Crash Course in Objective-C

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A crash course in Objective-C.

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  • 1. Computer Science Large Practical: Crash Course in Objective-C Stephen Gilmore School of Informatics Friday 12th October, 2012Stephen Gilmore (School of Informatics) Computer Science Large Practical Friday 12th October, 2012 1 / 33
  • 2. Acknowledgements We are following Appendix C of Beginning iOS 5 Application Development Wei-Meng Lee John Wiley & Sons, Inc. 2012 www.it-ebooks.infoStephen Gilmore (School of Informatics) Computer Science Large Practical Friday 12th October, 2012 2 / 33
  • 3. Objective-C sources Objective-C source code les are contained in two types of les: .h header les .m implementation les Thus a project could contain a le called SomeClass.hStephen Gilmore (School of Informatics) Computer Science Large Practical Friday 12th October, 2012 3 / 33
  • 4. Directives If you observe the content of the SomeClass.h le, you will notice that at the top of the le is typically an #import statement: #import @interface SomeClass : NSObject { } @end The #import statement is known as a preprocessor directive. (NS stands for NeXTStep, the project which created Objective-C.)Stephen Gilmore (School of Informatics) Computer Science Large Practical Friday 12th October, 2012 4 / 33
  • 5. Importing your own header les To import a header le from within your project, you use the quote characters, as in the case of the SomeClass.m le: #import "SomeClass.h" @implementation SomeClass @endStephen Gilmore (School of Informatics) Computer Science Large Practical Friday 12th October, 2012 5 / 33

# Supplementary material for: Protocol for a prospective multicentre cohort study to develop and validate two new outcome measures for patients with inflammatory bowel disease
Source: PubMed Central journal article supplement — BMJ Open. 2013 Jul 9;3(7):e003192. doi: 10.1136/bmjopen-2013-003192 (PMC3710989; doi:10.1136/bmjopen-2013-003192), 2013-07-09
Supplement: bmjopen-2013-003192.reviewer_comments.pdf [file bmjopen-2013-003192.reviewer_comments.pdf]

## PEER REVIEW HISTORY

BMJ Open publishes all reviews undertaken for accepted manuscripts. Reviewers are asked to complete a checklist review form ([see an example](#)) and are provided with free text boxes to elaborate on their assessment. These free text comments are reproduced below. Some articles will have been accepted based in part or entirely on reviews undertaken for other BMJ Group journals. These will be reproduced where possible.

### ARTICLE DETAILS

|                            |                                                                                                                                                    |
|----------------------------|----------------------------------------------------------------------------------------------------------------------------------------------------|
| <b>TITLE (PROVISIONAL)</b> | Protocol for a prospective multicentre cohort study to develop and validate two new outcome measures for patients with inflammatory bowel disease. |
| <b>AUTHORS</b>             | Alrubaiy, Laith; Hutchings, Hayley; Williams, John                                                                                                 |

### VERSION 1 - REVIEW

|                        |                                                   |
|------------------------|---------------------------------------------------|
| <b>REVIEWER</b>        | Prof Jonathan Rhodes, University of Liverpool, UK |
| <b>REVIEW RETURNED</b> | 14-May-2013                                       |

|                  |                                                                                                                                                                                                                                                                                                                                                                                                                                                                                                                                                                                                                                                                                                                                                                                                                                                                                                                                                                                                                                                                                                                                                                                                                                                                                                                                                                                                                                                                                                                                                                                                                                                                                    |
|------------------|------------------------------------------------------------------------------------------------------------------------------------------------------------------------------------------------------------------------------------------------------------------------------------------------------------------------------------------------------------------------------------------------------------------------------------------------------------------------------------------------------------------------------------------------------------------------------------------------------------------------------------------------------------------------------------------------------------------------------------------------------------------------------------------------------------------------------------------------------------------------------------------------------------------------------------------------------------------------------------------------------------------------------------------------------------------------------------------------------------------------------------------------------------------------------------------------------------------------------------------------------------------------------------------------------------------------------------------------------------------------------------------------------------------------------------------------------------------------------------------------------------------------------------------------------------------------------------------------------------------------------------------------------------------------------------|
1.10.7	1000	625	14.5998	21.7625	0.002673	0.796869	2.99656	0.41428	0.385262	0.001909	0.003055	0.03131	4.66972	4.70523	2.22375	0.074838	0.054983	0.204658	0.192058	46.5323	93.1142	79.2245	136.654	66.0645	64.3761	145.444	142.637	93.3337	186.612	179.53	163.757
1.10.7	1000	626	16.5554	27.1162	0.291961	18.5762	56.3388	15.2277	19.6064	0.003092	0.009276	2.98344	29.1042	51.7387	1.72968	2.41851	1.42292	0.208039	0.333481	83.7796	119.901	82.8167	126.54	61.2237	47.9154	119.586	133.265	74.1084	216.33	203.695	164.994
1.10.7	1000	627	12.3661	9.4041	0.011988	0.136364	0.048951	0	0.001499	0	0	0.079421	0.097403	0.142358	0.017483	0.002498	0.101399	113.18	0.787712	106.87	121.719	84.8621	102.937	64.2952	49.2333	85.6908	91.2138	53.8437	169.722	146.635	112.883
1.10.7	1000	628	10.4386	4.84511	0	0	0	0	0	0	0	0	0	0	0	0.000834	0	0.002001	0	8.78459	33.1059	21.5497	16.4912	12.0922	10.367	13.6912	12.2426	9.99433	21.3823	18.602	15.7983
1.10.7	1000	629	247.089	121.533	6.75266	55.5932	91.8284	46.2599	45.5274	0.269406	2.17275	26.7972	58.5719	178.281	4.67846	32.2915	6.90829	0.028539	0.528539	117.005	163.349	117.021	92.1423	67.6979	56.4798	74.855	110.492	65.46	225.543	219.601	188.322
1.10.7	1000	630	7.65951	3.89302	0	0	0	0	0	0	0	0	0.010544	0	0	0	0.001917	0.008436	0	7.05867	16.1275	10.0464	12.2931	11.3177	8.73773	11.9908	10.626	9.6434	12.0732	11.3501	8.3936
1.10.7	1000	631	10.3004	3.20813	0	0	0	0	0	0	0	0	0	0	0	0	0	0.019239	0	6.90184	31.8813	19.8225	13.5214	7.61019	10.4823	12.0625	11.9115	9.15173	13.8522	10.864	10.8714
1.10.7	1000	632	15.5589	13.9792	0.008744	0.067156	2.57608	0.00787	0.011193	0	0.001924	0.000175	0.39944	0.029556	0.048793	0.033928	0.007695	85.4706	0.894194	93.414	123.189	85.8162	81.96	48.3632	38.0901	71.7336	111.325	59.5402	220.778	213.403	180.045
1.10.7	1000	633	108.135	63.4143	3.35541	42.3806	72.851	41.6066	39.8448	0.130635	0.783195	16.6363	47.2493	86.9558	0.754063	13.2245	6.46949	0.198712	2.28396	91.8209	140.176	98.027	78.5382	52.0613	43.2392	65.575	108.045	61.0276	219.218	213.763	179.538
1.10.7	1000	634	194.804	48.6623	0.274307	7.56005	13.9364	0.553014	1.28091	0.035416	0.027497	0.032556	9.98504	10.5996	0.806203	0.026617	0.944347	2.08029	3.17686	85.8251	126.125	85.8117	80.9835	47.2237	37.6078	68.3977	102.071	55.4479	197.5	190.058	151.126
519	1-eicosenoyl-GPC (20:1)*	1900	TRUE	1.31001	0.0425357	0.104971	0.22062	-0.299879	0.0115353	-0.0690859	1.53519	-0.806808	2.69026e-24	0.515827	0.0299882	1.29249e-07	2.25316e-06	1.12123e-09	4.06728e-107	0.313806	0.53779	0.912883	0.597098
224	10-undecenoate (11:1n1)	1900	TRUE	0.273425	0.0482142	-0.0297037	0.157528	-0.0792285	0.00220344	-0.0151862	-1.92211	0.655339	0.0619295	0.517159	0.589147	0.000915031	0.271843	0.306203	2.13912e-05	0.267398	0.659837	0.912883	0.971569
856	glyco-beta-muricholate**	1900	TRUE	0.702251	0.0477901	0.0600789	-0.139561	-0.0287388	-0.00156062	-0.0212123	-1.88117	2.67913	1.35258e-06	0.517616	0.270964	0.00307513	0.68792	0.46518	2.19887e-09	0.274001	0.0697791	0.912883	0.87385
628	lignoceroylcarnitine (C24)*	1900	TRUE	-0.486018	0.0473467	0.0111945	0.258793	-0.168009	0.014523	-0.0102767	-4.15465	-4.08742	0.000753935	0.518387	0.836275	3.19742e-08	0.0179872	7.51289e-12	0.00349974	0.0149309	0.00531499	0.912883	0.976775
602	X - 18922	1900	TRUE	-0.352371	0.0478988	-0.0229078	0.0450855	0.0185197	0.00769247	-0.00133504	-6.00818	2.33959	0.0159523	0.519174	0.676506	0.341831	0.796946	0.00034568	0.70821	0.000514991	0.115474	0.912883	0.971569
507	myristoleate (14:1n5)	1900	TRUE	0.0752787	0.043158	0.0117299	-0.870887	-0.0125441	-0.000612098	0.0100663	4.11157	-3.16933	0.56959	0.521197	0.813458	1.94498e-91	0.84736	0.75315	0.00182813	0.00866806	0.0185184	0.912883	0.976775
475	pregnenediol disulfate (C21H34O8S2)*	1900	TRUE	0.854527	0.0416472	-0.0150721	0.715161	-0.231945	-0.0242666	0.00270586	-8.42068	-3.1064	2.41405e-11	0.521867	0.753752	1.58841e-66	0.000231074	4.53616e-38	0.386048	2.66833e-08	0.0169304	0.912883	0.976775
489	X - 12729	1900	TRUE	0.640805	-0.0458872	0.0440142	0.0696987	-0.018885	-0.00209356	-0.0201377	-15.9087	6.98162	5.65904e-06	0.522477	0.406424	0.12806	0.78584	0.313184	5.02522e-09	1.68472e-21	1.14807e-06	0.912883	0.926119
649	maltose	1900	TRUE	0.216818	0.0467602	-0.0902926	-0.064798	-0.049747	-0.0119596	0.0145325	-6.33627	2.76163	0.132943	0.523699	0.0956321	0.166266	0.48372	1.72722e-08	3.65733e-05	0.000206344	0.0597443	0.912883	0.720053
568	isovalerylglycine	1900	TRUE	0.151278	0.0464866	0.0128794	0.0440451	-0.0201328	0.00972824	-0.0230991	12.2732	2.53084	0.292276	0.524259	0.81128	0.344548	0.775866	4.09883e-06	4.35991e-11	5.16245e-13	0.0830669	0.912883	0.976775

• 6. Classes To declare a class, you use the @interface compiler directive, like this: @interface SomeClass : NSObject { } This is done in the header le (.h), and the class declaration contains no implementation. The preceding code declares a class named SomeClass, and this class inherits from the base class named NSObject.Stephen Gilmore (School of Informatics) Computer Science Large Practical Friday 12th October, 2012 6 / 33
  • 7. Classes To implement a class declared in the header le, you use the @implementation compiler directive, like this: #import "SomeClass.h" @implementation SomeClass @end This is done in a separate le from the header le. In Objective-C, you dene your class in an .m le. Note Note that the class denition ends with the @end compiler directive.Stephen Gilmore (School of Informatics) Computer Science Large Practical Friday 12th October, 2012 7 / 33